Paris, the dead of summer: a tumbleweed blows through the MyScienceWork offices.
August is a lonely time to be a journalist! Not only is the city clearing out around us, the sound of our typing echoing through the empty halls of the building, but we get the distinct impression that, all around the world, the summer hiatus is in full swing...
(Credit: Flickr / Ðeni [back..sort of])
Our calls go unanswered in labs populated only by incubators and centrifuges – possibly a depressed grad student or two – while our inboxes fill up with the dreaded out-of-office reply: “I will be on vacation with limited access to email for the next eternity…”
The perfect summer weather in Paris has done its best to distract us, the siren call of the ping-pong paddle becoming increasingly difficult to resist.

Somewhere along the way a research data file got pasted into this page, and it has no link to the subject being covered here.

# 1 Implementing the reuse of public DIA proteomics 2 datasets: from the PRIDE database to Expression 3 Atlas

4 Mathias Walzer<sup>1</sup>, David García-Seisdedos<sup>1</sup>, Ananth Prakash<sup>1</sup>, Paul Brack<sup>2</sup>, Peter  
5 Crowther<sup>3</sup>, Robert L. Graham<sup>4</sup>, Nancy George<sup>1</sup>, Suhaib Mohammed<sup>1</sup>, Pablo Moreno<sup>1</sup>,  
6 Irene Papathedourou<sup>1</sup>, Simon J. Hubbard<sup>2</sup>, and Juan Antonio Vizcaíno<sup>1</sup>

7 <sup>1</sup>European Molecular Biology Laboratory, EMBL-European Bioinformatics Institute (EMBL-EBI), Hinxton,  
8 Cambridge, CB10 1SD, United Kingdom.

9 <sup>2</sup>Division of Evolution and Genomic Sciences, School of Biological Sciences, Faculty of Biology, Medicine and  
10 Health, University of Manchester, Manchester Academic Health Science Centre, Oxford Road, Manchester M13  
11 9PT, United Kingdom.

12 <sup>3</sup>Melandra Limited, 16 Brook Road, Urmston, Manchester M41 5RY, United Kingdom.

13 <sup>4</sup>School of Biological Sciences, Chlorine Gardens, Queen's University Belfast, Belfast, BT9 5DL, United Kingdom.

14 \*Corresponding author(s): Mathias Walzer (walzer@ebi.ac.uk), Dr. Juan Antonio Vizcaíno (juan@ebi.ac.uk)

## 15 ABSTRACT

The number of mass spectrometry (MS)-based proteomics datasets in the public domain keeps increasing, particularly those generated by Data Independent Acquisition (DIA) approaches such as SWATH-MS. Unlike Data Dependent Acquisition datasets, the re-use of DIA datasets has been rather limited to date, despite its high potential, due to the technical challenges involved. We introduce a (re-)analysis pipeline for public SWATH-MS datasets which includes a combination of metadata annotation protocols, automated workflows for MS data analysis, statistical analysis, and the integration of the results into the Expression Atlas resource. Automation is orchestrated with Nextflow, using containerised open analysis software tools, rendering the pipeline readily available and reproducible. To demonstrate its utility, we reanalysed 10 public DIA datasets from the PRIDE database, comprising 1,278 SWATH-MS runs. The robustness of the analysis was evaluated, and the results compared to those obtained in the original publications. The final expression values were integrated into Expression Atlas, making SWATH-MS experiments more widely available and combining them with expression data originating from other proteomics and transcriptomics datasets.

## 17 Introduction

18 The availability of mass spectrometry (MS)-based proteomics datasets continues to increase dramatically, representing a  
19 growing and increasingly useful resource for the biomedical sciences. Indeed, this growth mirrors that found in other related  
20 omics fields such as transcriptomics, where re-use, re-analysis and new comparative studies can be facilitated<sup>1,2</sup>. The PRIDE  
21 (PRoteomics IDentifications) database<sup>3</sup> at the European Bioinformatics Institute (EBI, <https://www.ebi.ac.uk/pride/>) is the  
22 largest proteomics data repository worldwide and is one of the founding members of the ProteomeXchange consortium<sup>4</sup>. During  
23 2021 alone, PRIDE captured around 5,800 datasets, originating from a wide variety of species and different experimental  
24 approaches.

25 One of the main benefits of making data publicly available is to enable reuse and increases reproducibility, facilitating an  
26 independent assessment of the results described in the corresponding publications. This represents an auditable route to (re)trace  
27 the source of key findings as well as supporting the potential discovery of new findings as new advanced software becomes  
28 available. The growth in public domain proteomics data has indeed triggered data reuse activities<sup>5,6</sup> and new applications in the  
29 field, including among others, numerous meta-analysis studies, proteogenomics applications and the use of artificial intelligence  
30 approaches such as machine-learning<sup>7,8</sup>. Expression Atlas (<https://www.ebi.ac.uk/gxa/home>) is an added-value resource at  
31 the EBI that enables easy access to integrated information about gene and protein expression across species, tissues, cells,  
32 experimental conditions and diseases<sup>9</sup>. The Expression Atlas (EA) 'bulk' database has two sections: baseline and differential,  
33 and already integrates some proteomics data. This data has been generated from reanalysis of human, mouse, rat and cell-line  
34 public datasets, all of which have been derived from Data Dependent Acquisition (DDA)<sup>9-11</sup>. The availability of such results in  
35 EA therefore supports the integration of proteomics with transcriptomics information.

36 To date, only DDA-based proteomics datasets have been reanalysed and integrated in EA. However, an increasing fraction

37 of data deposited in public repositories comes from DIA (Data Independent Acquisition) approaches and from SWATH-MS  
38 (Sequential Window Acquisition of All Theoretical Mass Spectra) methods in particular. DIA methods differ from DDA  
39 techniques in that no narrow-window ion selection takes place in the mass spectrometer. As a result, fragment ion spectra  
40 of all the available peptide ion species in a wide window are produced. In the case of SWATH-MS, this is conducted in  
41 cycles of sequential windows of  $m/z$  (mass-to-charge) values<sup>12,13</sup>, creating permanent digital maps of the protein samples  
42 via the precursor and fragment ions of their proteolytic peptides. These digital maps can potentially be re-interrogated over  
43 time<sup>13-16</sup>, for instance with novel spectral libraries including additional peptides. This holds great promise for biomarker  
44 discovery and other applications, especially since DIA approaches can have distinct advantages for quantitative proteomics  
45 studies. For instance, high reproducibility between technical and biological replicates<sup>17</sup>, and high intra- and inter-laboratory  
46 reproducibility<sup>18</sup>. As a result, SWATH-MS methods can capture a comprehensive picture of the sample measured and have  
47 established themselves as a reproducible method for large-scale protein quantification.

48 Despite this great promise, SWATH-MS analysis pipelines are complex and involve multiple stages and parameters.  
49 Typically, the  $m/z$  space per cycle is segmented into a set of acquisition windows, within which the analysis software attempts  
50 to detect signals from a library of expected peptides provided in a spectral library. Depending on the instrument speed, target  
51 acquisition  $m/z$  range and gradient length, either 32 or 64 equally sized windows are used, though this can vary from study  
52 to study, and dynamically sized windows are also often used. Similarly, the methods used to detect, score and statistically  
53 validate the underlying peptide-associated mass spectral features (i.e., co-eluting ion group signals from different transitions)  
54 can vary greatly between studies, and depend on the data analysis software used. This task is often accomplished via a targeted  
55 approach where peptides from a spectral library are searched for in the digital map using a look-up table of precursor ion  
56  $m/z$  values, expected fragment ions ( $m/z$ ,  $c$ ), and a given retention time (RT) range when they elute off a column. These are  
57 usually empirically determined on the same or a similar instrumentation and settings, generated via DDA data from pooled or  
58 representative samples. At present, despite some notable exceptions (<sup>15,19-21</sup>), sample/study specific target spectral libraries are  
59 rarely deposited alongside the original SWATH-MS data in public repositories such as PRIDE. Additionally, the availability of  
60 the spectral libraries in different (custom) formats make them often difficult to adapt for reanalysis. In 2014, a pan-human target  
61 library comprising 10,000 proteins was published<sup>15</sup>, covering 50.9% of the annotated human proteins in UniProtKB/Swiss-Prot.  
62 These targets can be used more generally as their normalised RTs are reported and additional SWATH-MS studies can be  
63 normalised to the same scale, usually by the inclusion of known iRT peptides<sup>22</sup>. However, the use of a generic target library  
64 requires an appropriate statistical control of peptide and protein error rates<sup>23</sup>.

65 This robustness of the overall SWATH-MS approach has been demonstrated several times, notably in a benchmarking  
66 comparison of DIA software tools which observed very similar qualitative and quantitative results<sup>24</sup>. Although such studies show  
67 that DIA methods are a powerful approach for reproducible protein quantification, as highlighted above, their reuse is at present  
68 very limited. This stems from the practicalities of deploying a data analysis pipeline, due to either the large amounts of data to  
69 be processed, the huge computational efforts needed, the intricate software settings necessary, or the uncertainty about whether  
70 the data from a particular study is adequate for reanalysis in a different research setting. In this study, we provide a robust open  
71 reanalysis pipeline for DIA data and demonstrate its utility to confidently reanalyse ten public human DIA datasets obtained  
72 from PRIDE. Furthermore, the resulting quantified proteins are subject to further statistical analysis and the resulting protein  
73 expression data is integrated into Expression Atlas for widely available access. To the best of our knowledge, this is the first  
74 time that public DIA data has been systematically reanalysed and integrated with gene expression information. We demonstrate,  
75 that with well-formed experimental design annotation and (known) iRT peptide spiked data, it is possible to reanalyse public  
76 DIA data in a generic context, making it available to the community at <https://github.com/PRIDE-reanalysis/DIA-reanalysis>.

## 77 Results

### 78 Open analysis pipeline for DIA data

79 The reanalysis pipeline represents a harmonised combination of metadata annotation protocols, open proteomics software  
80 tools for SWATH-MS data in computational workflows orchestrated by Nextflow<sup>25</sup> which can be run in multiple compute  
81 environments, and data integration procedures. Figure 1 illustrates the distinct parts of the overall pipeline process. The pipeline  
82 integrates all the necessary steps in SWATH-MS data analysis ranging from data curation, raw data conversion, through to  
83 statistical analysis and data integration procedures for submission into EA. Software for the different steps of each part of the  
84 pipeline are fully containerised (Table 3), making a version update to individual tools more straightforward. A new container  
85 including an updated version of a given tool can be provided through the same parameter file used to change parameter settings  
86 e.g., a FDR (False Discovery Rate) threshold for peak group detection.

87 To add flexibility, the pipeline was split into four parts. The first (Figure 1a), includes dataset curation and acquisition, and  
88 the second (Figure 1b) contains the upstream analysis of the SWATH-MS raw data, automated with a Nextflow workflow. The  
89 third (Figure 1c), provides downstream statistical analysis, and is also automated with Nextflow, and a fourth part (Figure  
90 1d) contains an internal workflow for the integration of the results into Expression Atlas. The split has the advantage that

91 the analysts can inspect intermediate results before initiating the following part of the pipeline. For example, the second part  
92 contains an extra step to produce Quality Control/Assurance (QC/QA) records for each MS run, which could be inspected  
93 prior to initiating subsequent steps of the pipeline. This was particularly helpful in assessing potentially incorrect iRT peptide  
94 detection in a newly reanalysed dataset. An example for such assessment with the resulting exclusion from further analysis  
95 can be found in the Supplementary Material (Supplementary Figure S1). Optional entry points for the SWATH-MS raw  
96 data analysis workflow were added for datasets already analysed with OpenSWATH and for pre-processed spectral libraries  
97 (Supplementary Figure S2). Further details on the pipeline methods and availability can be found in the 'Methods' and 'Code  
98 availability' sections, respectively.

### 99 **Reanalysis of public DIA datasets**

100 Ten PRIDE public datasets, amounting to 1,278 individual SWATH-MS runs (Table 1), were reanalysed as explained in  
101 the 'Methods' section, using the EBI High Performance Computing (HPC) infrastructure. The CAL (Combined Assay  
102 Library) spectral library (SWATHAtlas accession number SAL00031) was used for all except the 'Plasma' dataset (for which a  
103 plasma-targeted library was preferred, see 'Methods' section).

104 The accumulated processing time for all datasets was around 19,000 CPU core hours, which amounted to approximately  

But, despite the cool cadence that currently reigns, science never truly stops, so neither do we! This week we talked about bringing together two domains that may seem very far apart: gender studies and climate change. David Edmunds explained why the role of women in different cultures has to be considered if we want to succeed at climate adaptation and mitigation efforts, as well as find solutions that haven’t even been thought of yet.
This approach reminds us of an interesting initiative at Stanford University to get researchers to put more “sex in science” – because men and women, males and females are not identical, and considering the differences can bring important improvements to science and industry.
Read about the project here:
Development projects, too, could see greater success by taking advantage of new technologies, yes, but also by focusing on women. Find out how in:
Have a great summer weekend. We’ll be back next week with some great summertime stories: Think sea, sun and sex!
The MyScienceWork Team